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Millions more for police, healthcare and schools

Treasury minister delivers Manx Budget

Almost £10 million extra is being allocated for health, education, policing and infrastructure in the Isle of Man in the 2019/20 Manx Budget.

Treasury Minister Alfred Cannan has just sat down in Tynwald, after outlining government's spending for the coming financial year in his budget speech.

He's announced an additional £3 million for health and social care; £3 million more for the Department of Home Affairs (which will mostly be spent on the police); £2.2 million for infrastructure; and £1.5 million for the Department of Education, Sport and Culture.

Mr Cannan revealed the government’s accounts were on course for a £28m surplus in the current year - representing an £18m increase on the budgeted amount.

He added that Treasury’s five-year financial plan, designed to reduce reliance on reserves, remained on target.

Elsewhere, taxpayers will reportedly be up to £150 each better off, with the personal income tax allowance being raised by £750 to £14,000.

It's believed the move will lift 1,550 out of the tax net, and is the third year in a row the allowance has been raised.

A National Insurance Holiday Scheme is due to be introduced, which will benefit people who move to the Island for work and Manx students who come back here after university.

Returning Manx students will also benefit from a revised student awards scheme, which is having £1.5 million set aside for it.

Alfred Cannan has announced some changes to benefits, too.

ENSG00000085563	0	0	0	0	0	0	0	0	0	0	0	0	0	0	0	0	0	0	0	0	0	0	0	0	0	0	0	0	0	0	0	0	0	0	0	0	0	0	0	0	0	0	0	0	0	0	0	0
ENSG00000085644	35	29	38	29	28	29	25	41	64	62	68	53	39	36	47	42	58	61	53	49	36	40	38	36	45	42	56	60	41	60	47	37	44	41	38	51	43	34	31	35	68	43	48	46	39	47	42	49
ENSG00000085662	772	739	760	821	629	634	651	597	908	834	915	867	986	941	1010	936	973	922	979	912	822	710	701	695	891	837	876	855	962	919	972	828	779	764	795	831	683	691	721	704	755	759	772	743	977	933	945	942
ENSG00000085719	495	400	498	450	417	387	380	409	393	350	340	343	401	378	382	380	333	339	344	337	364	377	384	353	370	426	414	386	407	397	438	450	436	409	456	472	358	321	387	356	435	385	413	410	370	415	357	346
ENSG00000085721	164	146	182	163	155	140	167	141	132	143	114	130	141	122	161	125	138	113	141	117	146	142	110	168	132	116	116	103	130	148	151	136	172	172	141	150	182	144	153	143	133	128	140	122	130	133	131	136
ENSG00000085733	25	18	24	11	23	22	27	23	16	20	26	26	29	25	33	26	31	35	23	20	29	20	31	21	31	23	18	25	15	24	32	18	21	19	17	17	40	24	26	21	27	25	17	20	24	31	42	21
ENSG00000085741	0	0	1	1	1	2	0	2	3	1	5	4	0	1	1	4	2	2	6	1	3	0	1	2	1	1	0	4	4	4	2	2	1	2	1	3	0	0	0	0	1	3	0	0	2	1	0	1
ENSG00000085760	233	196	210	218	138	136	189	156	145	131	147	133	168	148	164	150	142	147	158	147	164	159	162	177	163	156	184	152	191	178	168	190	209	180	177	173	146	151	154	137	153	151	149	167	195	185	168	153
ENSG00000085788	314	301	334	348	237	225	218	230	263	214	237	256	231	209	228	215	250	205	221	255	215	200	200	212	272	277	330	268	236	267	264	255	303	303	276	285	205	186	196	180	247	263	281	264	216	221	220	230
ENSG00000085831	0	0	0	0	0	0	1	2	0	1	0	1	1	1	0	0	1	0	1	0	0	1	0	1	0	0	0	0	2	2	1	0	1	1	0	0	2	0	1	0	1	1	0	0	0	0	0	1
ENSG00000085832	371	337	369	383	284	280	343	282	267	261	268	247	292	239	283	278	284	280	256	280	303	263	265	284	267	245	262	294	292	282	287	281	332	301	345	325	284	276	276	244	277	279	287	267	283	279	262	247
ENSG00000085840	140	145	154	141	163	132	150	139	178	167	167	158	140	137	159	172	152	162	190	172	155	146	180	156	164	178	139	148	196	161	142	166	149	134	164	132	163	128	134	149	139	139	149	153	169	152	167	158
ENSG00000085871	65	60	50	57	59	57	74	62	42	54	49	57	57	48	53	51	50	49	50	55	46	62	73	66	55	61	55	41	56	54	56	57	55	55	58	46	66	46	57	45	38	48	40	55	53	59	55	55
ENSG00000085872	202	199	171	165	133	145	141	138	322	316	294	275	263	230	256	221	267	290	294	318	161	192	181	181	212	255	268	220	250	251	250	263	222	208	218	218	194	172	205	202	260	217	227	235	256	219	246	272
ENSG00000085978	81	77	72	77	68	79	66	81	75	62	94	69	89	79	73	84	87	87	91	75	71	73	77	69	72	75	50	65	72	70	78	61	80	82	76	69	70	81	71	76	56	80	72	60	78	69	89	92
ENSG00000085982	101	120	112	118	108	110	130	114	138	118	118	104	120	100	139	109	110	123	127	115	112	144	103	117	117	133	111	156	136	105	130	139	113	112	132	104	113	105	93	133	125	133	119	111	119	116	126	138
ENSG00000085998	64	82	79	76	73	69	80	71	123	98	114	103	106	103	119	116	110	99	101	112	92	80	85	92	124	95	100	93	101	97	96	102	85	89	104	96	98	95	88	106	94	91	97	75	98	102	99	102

Most are due to rise by 2.4%, except for: child benefit (5%); employed person's allowance (2.9%); maternity payments (20%); basic state pension (2.6%); winter bonus +£50 (16.7%); and disability living allowance (3.4%).

A five-year, £479 million capital investment programme has been confirmed, which includes major projects such as Douglas promenade walkway, the new ferry terminal in Liverpool, an initiative to support the development of Jurby, a new telecoms strategy and a new landfill facility for problematic waste.

Almost £130 million of that total is due to be spent in the first year.

There will also be £2 million set aside from the Economic Development Fund to help create a 'high-quality landscaped business park' at the airport.

A sugar tax is due to be introduced from April, which is expected to raise around £300,000.

Also from April, a new Manx state pension of £184.15 per week will be introduced.

There's a £1 million top-up for the government's Brexit fund, to be put towards negotiations arising from the UK's withdrawal from the EU.

And a modified Agriculture Development Scheme - with an increased focus on modernisation, the environment and sustainable food production - will benefit from an additional £350,000.

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